In Akumal (near the beach and on the main street) there are several small supermarkets, snack bars and restaurants. A few hotels have opened on the beach, particularly the Akumal Bay Beach and Wellness Resort, the Hotel Akumal Caribe and Las Villas Akumal.
Sea turtles are a very familiar sight in Akumal Bay. In order to be a responsible snorkeler, be sure to respect the following rules when observing them:
These snorkeling spots are accessible to beginners and kids. You will enter the water gradually from a beach, or in a less than 3ft. deep area. The sea is generally calm, shallow, with almost no waves or currents. These spots are usually located in marked and/or monitored swimming areas. It is not necessary to swim long distances to discover the sea life.
This level only apply when the spot experiences optimal sea and/or weather conditions. It is not applicable if the sea and/or weather conditions deteriorate, in particular in the presence of rough sea, rain, strong wind, unusual current, large tides, waves and/or swell. You can find more details about the definition of our snorkeling levels on our snorkeling safety page.
The above statements are misleading. It is obligatory to have a guide and to wear a pfd. Additionally it’s 100 pesos per person for entry.
Dear Ray, thank you so much for your comment and for helping us keeping our pages accurate and up to date. This page has been updated with the latest info.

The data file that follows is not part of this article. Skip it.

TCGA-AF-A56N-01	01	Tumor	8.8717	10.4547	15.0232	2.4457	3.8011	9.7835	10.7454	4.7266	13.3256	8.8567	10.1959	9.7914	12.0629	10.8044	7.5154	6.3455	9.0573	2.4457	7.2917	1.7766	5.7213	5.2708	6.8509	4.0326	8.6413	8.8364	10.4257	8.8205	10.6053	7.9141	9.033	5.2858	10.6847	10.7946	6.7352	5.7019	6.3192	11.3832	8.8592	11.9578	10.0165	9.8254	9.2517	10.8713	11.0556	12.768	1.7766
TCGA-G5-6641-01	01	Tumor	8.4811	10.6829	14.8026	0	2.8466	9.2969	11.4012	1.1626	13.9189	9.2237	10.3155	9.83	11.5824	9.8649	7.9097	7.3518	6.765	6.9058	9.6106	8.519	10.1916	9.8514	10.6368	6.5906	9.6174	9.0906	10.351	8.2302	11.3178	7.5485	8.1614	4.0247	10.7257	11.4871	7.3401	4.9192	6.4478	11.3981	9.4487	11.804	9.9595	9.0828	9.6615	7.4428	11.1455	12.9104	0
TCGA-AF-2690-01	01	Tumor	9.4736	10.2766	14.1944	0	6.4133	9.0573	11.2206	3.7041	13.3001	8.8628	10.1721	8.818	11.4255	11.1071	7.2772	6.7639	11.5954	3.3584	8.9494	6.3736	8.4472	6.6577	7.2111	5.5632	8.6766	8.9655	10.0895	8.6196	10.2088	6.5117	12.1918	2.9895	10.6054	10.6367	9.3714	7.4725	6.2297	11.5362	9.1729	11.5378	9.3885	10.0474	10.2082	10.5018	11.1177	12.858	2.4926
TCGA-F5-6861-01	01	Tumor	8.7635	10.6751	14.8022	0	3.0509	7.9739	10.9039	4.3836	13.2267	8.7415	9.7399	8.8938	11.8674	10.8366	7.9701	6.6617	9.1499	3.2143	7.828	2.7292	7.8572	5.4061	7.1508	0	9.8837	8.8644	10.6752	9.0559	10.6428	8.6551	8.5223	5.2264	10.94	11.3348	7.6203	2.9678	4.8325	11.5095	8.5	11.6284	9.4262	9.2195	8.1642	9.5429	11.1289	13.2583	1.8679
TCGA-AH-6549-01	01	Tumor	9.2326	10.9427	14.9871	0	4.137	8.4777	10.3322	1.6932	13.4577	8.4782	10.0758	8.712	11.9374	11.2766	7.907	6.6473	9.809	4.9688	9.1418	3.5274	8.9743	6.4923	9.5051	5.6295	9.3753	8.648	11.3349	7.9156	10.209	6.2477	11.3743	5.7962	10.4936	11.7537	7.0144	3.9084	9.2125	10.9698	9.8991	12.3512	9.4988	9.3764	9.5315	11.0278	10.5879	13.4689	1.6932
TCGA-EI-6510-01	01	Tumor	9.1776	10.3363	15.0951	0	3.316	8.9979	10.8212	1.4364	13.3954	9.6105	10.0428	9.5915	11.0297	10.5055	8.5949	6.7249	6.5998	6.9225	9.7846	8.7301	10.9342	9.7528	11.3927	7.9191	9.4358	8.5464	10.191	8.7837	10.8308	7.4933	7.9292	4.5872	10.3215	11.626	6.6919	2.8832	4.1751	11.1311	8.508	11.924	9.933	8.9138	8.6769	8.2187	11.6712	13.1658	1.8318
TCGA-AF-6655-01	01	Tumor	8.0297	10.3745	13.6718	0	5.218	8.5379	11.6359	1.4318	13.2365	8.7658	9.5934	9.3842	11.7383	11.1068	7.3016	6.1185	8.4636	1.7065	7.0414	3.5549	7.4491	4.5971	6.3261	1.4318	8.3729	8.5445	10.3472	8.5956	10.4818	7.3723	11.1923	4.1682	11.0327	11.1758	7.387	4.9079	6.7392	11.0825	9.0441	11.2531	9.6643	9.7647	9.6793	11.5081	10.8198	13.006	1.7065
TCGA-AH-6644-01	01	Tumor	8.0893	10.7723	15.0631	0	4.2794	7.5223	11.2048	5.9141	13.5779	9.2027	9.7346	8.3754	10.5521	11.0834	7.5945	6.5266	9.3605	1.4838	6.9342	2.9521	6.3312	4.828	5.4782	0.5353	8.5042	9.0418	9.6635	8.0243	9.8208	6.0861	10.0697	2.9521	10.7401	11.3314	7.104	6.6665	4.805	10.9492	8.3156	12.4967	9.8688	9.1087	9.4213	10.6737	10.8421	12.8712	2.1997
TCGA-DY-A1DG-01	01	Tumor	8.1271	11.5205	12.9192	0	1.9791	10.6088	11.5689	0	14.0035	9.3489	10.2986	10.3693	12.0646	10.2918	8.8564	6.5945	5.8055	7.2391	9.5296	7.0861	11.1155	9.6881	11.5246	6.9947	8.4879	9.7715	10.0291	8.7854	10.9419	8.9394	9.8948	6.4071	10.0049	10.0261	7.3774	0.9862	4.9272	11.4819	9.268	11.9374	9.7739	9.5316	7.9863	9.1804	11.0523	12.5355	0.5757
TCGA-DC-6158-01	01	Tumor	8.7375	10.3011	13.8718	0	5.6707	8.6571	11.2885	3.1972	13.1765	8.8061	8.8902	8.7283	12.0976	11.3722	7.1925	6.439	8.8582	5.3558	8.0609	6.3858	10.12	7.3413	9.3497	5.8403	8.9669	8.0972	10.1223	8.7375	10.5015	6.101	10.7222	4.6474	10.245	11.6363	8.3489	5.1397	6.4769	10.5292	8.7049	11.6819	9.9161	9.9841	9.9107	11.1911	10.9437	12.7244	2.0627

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Snorkeling spots are part of a wild environment and their aspect can be significantly altered by weather, seasons, sea conditions, human impact and climate events (storms, hurricanes, seawater-warming episodes…). The consequences can be an alteration of the seabed (coral bleaching, coral destruction, and invasive seagrass), a poor underwater visibility, or a decrease of the sea life present in the area. Snorkeling Report makes every effort to ensure that all the information displayed on this website is accurate and up-to-date, but no guarantee is given that the underwater visibility and seabed aspect will be exactly as described on this page the day you will snorkel the spot. If you recently snorkeled this area and noticed some changes compared to the information contained on this page, please contact us.
The data contained in this website is for general information purposes only, and is not legal advice. It is intended to provide snorkelers with the information that will enable them to engage in safe and enjoyable snorkeling, and it is not meant as a substitute for swim level, physical condition, experience, or local knowledge. Remember that all marine activities, including snorkeling, are potentially dangerous, and that you enter the water at your own risk. You must take an individual weather, sea conditions and hazards assessment before entering the water. If snorkeling conditions are degraded, postpone your snorkeling or select an alternate site. Know and obey local laws and regulations, including regulated areas, protected species, wildlife interaction and dive flag laws.